Utility tokens, which are often associated with raising seed capital as currencies for specific organizations, create problems when they increase in value with the state of the organization and start to work like stocks. Any voting rights associated with a governance token – a subset of a utility token – may look the same as rights granted to shareholders.
Technology and inter-jurisdictional coordination
Each blockchain is in fact its own community of technology standards. Interoperability remains in its infancy, and the resulting proliferation of bridging poses a number of security concerns.
The ability of trusted intermediaries to promote interoperability depends on regulators setting the baseline standards for consumer protection, security, data protection, and privacy. There is a precedent in open banking, where secure open banking connections established through application programming interfaces (APIs) often rely on API aggregators to provide interoperability. Similarly, governments can maintain the security and interoperability of blockchains without permission.
Removing intermediaries in DeFi transactions is new, but scaling this approach may eventually require a certain degree of centralization for legitimacy, just like open banking requires a certain degree of closed privacy. And the main risks it poses are often similar to traditional finance associated with activities such as trading, transmission, settlement or lending.
When existing rules seem insufficient, such as anonymous trading through decentralized exchanges (DEXs) or non-hosted wallets, rules dealing with similar risks related to issues such as anti-money laundering (AML) and know-your-customer (KYC) ) can be adjusted as needed. . At least that’s the theory, especially as new concepts like decentralized identities emerge.
In fact, enforcing KYC and AML requirements is a complex task. For example, a DEX can bypass both by automatically creating markets through liquidity pools of invested assets and then executing anonymous transactions on its own using “smart contracts”.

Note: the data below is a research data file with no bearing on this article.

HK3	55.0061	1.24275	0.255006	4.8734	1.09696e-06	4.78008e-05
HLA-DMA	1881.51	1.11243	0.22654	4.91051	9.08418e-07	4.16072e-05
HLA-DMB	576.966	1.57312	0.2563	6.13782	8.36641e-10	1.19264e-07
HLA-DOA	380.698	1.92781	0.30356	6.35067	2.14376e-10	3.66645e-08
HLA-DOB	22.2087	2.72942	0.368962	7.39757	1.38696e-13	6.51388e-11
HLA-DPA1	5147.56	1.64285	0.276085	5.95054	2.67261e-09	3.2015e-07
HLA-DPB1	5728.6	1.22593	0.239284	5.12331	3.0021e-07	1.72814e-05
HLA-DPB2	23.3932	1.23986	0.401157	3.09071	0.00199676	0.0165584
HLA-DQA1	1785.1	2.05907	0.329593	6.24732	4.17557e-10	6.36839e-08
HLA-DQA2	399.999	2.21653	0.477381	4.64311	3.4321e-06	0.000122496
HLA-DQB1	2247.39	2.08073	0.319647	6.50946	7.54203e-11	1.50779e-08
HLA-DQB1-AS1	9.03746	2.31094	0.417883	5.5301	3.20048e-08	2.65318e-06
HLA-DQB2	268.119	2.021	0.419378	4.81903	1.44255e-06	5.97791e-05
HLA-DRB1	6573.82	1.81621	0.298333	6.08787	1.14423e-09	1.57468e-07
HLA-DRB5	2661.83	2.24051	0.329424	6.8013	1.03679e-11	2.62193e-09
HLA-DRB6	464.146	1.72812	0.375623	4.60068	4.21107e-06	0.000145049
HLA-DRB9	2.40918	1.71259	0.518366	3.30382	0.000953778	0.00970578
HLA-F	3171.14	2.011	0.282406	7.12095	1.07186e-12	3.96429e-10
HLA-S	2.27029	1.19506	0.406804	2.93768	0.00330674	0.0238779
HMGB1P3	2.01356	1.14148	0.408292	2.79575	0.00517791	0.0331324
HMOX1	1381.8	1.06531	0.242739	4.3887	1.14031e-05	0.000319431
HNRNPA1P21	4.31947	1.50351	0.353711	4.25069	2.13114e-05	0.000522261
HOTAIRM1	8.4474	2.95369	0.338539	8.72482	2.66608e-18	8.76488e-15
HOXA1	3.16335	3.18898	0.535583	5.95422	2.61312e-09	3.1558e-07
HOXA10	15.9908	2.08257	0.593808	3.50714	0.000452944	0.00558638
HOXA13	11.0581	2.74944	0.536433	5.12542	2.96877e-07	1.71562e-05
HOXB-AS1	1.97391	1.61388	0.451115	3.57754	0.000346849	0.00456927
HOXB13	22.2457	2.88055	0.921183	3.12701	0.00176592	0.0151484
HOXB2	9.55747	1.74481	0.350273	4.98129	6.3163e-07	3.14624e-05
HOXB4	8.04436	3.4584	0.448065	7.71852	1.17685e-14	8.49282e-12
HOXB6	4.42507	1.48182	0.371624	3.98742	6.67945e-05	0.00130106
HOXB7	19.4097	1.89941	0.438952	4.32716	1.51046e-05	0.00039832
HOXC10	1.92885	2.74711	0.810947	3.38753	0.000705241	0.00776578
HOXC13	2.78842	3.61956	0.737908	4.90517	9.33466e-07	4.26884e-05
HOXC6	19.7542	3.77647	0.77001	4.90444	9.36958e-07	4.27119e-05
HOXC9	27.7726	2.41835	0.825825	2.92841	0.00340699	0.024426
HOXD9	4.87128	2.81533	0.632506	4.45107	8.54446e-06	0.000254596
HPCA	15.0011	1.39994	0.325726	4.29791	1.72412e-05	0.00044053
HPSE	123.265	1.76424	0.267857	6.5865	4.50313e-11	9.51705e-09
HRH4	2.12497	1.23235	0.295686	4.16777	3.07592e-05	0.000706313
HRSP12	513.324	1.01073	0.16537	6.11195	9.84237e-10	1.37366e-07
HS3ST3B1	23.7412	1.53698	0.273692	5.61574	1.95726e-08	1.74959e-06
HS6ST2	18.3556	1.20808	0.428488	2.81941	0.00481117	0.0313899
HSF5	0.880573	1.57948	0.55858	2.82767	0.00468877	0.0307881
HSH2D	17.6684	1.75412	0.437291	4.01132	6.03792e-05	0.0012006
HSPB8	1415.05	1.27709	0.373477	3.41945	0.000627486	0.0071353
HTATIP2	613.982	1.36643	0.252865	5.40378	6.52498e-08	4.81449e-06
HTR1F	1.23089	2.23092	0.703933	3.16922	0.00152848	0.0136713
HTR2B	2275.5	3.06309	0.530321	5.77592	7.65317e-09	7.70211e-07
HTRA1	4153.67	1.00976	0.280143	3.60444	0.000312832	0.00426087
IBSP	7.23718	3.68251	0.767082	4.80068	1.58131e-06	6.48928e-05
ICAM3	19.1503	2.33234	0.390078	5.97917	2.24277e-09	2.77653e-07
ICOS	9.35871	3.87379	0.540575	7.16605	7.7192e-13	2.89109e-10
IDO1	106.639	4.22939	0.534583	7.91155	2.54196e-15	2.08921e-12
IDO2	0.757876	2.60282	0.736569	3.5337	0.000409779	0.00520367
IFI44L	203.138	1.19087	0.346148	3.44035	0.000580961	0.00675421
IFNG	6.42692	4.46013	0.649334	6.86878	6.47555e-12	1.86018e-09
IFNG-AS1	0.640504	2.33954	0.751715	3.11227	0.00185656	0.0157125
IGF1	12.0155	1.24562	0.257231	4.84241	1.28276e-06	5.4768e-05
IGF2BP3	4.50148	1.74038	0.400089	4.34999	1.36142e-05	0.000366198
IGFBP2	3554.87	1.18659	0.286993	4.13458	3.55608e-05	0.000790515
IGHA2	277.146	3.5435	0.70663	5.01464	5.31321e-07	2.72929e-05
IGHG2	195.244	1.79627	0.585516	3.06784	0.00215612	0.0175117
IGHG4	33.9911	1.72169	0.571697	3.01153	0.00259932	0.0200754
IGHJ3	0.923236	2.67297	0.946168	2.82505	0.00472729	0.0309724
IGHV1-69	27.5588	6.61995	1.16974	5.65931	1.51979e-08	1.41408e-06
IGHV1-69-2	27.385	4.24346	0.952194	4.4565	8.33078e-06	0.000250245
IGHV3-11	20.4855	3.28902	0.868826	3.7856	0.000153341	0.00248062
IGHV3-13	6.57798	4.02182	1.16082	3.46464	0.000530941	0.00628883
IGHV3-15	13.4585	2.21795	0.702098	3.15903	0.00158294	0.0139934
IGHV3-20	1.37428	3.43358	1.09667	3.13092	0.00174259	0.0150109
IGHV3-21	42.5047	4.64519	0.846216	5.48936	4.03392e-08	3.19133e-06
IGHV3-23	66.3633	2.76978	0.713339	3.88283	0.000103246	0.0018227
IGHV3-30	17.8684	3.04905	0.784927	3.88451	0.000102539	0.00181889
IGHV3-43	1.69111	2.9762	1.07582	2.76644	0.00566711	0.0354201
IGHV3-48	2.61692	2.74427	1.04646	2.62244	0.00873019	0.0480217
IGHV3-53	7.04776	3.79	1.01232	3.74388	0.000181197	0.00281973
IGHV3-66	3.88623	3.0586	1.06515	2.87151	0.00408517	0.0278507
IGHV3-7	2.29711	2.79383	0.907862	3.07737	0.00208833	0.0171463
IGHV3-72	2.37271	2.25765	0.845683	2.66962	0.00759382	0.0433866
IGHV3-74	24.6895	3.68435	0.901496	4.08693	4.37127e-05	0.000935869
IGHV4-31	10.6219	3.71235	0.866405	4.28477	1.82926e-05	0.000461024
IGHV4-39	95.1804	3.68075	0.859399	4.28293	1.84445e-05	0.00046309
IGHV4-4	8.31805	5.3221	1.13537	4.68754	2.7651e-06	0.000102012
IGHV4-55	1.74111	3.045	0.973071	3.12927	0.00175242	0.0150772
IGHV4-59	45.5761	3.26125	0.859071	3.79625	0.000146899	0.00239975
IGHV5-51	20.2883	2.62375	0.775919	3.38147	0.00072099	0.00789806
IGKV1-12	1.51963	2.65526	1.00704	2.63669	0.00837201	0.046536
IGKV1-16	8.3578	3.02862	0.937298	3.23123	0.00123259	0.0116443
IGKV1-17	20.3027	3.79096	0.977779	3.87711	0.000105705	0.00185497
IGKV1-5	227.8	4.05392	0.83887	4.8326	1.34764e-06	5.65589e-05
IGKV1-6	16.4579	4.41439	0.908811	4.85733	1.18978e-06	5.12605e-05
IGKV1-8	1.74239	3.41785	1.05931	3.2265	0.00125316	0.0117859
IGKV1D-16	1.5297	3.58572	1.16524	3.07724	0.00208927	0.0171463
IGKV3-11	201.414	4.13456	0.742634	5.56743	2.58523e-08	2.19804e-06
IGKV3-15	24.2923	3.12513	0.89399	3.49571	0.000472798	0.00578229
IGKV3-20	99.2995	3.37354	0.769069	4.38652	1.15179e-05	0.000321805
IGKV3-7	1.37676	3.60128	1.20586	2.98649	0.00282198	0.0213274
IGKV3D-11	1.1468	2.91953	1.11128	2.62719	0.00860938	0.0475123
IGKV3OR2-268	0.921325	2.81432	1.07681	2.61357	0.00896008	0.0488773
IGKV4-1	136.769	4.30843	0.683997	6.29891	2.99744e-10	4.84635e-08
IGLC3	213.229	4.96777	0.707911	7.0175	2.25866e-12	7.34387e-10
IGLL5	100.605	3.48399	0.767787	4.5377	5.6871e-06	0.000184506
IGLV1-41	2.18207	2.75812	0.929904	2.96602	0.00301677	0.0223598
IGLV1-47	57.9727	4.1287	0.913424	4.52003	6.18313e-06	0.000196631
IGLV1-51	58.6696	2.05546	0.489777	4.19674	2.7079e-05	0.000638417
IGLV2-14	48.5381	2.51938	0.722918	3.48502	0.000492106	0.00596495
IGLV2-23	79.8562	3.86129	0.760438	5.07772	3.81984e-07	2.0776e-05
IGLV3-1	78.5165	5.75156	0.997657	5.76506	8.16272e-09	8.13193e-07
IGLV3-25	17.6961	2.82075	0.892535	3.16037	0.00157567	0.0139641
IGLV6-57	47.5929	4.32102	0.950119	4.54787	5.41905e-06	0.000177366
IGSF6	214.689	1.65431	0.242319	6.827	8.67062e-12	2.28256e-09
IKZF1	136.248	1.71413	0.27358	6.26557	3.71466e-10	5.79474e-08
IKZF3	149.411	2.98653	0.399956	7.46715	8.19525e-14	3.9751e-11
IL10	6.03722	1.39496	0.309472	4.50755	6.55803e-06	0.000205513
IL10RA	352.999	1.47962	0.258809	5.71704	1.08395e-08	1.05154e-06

Additional challenges relate to international coordination regarding enforcement of the “travel rule”, which requires all financial service providers to share originator and beneficiary information and to prevent regulatory arbitrage when providers seek more favorable jurisdictions. Guidance from international compliance standards makers, such as the Financial Action Task Force on Money Laundering (FATF), is welcome, but requires implementation at the national level, which is often lacking.
The inconsistent regulatory regime across jurisdictions leads to an uncertain business environment for crypto-innovation and especially limits the ability of larger entities to participate.
Meanwhile, smaller and less risk-averse organizations may have little incentive to invest in compliance. Rules without enforcement don’t matter much. A level playing field for all participants is achieved through equal enforcement at home and abroad.
Tokenizing assets to record ownership on the blockchain does not change the assets themselves. This reassuring consistency is just as relevant for a bank handling crypto assets as it is for a government enforcing regulations on them.
The duty of governments to mitigate risks while accelerating crypto innovation is lightened when many existing regulations simply need some thoughtful reorganization, rather than a comprehensive overhaul that could reduce acceptability and compliance. The ability of governments to clearly and consistently determine how and where to apply these rules will be a challenge. But the missing pieces of the puzzle are much easier to spot when the rest of the puzzle is put together.
Learn more about the opportunities associated with crypto and blockchain in the Mastercard report. Tokens on the chain: the role of banks in cryptocurrencies, collecting cryptocurrencies and everything in between.
Author: Chris Button, Marketing, Data & Services Associate Analyst, Mastercard